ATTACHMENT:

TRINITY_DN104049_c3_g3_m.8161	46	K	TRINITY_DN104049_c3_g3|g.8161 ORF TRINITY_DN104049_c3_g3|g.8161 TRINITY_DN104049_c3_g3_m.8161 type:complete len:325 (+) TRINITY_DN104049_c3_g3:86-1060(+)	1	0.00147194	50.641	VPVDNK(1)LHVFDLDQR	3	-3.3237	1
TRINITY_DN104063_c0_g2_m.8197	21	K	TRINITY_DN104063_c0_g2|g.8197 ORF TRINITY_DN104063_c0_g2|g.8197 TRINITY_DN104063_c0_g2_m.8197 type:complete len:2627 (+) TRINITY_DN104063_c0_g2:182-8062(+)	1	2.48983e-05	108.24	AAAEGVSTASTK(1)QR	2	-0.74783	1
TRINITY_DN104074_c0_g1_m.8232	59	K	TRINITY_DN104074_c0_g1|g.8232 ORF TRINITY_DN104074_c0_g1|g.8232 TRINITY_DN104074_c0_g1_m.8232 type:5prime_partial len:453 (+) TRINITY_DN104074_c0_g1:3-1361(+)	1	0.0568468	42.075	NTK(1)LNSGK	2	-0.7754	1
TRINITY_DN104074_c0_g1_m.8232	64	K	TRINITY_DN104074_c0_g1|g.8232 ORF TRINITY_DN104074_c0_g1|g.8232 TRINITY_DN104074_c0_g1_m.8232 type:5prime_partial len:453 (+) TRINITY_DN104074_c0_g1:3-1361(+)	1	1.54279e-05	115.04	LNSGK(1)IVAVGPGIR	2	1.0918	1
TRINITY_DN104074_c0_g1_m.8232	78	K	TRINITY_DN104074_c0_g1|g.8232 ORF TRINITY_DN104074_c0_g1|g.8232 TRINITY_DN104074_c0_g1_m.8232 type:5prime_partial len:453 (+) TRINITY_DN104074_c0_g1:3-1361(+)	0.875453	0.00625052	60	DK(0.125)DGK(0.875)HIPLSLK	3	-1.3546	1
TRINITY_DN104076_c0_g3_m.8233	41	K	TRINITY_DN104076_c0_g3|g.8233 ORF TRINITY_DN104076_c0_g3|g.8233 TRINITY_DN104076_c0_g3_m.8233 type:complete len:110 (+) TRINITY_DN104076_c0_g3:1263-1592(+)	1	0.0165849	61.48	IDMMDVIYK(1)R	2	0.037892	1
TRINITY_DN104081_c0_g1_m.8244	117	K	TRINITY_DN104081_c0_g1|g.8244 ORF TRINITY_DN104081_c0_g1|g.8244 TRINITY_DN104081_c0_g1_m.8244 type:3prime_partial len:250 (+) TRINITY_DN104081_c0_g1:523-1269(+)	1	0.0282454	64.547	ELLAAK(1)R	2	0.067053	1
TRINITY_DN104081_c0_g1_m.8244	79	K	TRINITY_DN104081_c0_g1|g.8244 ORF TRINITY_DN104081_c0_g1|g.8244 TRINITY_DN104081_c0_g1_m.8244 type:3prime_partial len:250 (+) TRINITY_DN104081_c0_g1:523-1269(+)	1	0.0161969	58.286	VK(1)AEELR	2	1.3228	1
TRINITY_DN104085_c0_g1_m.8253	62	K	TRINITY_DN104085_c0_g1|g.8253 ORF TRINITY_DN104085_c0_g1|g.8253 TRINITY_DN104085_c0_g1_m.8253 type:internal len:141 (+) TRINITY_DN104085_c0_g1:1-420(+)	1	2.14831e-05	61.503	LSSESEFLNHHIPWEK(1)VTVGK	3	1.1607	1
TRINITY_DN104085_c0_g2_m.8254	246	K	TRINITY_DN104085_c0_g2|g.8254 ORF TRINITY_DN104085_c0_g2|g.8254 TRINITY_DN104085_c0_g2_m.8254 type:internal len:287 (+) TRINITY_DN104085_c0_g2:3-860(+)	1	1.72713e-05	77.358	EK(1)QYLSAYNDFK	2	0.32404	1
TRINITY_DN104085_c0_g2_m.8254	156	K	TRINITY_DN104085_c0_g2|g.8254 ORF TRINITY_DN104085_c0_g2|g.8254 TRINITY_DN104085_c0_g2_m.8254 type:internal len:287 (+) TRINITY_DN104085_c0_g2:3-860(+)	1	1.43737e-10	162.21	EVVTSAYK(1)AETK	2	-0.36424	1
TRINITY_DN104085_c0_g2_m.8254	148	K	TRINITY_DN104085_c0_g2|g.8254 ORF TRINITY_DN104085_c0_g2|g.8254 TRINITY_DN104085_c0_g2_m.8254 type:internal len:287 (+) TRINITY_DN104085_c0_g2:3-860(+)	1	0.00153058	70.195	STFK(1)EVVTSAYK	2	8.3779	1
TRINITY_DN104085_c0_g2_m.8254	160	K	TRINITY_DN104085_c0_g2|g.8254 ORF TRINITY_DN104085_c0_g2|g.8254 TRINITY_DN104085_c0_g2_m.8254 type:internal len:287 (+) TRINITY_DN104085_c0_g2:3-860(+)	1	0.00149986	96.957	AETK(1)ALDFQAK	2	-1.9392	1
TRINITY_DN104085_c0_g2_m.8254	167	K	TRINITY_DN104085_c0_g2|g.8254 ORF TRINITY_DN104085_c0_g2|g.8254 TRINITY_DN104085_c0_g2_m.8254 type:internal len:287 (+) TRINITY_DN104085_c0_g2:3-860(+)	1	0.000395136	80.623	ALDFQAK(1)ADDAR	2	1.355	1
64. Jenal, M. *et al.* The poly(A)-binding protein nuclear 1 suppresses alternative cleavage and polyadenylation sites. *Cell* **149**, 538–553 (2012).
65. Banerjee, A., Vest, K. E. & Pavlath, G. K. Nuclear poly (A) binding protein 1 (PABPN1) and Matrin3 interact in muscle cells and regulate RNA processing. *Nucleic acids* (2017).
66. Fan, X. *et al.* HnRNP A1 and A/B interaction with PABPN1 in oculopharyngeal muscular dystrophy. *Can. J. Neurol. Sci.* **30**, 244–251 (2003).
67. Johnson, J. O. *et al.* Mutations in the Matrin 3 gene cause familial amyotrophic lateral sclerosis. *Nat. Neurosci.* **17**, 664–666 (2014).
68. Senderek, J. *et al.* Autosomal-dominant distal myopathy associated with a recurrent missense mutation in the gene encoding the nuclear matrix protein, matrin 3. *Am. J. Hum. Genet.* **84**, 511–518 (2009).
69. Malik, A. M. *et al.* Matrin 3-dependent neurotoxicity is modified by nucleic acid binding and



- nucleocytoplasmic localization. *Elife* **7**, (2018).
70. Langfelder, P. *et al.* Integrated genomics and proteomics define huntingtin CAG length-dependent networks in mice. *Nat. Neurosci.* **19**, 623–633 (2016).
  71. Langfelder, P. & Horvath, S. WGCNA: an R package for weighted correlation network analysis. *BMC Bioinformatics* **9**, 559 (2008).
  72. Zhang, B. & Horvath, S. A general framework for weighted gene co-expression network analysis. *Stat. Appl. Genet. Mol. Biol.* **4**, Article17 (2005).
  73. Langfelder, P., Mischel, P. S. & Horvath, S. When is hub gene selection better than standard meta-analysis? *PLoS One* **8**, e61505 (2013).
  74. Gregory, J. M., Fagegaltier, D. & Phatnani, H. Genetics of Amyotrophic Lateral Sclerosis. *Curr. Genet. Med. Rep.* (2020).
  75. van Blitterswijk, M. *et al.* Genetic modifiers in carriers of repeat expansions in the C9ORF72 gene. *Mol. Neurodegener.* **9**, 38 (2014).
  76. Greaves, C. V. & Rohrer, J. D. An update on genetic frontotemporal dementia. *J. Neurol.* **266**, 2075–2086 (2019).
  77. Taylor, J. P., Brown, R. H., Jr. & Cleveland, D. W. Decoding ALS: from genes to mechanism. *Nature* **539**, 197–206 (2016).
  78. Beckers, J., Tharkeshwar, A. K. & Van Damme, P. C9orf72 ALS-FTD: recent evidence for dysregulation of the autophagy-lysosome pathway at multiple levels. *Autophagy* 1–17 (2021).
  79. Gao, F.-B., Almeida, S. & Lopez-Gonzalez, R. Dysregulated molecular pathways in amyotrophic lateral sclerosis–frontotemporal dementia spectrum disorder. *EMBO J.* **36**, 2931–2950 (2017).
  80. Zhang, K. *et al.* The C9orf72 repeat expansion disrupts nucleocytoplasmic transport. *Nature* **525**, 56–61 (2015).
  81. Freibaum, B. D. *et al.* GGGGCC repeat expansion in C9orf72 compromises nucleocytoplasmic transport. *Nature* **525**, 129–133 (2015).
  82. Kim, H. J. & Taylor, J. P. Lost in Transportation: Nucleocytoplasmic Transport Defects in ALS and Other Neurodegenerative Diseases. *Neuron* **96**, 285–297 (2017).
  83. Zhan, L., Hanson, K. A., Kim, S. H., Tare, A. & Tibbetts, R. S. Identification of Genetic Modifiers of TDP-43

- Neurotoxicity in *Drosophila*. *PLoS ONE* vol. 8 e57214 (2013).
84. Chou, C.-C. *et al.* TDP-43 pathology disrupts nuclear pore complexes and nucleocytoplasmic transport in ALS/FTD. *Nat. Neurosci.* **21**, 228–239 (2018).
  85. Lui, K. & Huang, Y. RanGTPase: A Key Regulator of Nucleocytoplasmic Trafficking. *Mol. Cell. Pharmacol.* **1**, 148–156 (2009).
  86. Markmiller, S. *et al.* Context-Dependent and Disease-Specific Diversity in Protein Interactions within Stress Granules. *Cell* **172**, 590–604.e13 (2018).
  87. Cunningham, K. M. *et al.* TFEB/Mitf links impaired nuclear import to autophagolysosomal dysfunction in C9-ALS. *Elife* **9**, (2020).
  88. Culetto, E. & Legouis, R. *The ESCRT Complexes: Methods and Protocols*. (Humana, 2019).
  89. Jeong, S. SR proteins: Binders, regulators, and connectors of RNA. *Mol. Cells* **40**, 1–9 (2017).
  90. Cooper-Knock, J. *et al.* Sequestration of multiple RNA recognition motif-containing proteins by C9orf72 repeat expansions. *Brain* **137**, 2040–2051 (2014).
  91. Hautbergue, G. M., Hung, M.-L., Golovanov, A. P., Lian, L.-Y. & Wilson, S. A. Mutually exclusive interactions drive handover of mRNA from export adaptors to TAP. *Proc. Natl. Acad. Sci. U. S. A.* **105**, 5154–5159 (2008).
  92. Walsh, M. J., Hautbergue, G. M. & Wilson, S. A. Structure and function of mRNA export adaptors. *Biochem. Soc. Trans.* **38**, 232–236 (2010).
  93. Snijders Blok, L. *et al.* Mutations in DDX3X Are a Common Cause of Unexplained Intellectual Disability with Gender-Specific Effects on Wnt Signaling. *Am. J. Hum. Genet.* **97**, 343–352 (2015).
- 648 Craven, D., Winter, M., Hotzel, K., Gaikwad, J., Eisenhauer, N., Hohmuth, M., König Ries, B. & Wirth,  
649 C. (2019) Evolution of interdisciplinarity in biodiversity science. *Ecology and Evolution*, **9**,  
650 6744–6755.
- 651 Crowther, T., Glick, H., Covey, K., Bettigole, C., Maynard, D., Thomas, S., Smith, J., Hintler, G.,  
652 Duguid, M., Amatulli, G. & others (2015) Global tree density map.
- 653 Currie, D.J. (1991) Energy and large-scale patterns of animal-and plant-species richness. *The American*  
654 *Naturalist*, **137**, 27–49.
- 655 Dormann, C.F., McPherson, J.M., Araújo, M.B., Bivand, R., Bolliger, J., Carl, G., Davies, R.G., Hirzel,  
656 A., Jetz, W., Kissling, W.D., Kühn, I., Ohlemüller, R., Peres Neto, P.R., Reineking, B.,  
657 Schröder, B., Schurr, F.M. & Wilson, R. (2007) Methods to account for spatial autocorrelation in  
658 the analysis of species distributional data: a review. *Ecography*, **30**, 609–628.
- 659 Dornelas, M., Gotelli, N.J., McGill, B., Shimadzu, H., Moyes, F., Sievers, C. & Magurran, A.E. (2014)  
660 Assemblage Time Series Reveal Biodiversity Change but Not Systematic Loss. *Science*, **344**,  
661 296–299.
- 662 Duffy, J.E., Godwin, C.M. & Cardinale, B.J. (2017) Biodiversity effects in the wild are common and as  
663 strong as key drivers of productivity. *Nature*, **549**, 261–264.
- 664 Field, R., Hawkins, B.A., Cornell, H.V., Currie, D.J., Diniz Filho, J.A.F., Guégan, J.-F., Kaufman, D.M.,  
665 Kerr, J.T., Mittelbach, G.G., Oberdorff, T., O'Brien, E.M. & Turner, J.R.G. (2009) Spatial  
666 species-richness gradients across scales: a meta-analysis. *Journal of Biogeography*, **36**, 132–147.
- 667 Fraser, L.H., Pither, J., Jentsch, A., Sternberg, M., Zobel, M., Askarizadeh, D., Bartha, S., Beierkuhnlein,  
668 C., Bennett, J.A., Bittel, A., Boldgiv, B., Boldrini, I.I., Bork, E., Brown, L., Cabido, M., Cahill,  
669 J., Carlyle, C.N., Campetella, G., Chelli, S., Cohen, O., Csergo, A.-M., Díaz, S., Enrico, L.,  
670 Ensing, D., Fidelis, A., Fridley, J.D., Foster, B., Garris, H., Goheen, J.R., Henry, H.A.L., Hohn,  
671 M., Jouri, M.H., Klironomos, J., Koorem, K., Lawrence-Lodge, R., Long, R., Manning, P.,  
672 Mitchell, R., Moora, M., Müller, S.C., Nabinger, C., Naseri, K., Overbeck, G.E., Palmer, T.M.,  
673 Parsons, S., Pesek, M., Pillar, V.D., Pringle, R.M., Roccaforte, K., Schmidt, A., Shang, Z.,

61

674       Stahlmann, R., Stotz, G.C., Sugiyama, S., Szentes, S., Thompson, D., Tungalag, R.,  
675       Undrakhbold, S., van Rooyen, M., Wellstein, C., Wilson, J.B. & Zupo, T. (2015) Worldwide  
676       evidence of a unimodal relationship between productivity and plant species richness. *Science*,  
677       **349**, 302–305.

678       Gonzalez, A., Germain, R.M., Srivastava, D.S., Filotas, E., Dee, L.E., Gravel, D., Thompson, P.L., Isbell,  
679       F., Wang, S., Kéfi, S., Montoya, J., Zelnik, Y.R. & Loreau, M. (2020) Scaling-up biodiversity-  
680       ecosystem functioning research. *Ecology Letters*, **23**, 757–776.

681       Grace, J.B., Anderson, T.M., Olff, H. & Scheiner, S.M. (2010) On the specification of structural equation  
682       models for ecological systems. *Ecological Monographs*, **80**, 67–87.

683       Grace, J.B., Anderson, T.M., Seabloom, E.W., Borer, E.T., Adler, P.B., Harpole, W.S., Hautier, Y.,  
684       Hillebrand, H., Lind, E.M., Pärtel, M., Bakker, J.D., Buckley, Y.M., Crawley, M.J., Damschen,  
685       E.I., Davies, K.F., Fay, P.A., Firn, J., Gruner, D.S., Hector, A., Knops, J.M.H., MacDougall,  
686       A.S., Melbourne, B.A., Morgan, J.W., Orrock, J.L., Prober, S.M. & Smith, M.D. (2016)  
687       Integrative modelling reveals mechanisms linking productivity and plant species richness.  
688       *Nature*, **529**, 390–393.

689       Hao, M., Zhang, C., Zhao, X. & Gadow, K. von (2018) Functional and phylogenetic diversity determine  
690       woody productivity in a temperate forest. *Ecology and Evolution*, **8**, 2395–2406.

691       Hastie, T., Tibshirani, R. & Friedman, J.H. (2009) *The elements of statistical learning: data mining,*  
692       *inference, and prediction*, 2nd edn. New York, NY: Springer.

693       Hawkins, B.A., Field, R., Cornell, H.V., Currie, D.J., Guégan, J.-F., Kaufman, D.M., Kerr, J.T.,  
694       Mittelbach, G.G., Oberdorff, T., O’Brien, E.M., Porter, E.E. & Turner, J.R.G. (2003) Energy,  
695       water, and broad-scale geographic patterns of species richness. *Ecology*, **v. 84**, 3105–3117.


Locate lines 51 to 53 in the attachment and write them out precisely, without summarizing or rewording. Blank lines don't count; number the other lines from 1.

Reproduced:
652 Duguid, M., Amatulli, G. & others (2015) Global tree density map.
- 653 Currie, D.J. (1991) Energy and large-scale patterns of animal-and plant-species richness. *The American*  
654 *Naturalist*, **137**, 27–49.